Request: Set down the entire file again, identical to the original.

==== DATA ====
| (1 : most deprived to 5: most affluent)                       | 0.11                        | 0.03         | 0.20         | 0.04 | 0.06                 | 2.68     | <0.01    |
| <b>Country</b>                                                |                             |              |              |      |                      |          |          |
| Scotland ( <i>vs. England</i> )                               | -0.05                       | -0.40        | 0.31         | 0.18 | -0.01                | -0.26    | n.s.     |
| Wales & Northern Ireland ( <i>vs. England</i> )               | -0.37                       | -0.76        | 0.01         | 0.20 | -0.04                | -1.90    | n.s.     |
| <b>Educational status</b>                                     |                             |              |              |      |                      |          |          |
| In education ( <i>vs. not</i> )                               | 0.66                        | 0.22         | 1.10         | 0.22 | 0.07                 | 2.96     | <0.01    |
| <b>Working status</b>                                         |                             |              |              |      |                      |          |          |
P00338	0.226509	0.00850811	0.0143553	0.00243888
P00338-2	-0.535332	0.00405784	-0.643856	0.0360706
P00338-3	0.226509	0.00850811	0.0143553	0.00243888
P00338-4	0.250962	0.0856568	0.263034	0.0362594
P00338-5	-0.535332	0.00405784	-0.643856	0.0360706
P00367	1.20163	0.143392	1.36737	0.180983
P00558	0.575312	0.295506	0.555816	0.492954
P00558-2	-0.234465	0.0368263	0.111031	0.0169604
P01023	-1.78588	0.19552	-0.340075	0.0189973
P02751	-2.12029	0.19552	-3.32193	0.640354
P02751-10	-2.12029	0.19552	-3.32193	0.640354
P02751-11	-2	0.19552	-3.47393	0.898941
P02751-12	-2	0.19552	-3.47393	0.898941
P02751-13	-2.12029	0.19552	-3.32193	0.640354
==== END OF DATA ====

| (1 : most deprived to 5: most affluent)                       | 0.11                        | 0.03         | 0.20         | 0.04 | 0.06                 | 2.68     | <0.01    |
| <b>Country</b>                                                |                             |              |              |      |                      |          |          |
| Scotland ( <i>vs. England</i> )                               | -0.05                       | -0.40        | 0.31         | 0.18 | -0.01                | -0.26    | n.s.     |
| Wales & Northern Ireland ( <i>vs. England</i> )               | -0.37                       | -0.76        | 0.01         | 0.20 | -0.04                | -1.90    | n.s.     |
| <b>Educational status</b>                                     |                             |              |              |      |                      |          |          |
| In education ( <i>vs. not</i> )                               | 0.66                        | 0.22         | 1.10         | 0.22 | 0.07                 | 2.96     | <0.01    |
| <b>Working status</b>                                         |                             |              |              |      |                      |          |          |
P00338	0.226509	0.00850811	0.0143553	0.00243888
P00338-2	-0.535332	0.00405784	-0.643856	0.0360706
P00338-3	0.226509	0.00850811	0.0143553	0.00243888
P00338-4	0.250962	0.0856568	0.263034	0.0362594
P00338-5	-0.535332	0.00405784	-0.643856	0.0360706
P00367	1.20163	0.143392	1.36737	0.180983
P00558	0.575312	0.295506	0.555816	0.492954
P00558-2	-0.234465	0.0368263	0.111031	0.0169604
P01023	-1.78588	0.19552	-0.340075	0.0189973
P02751	-2.12029	0.19552	-3.32193	0.640354
P02751-10	-2.12029	0.19552	-3.32193	0.640354
P02751-11	-2	0.19552	-3.47393	0.898941
P02751-12	-2	0.19552	-3.47393	0.898941
P02751-13	-2.12029	0.19552	-3.32193	0.640354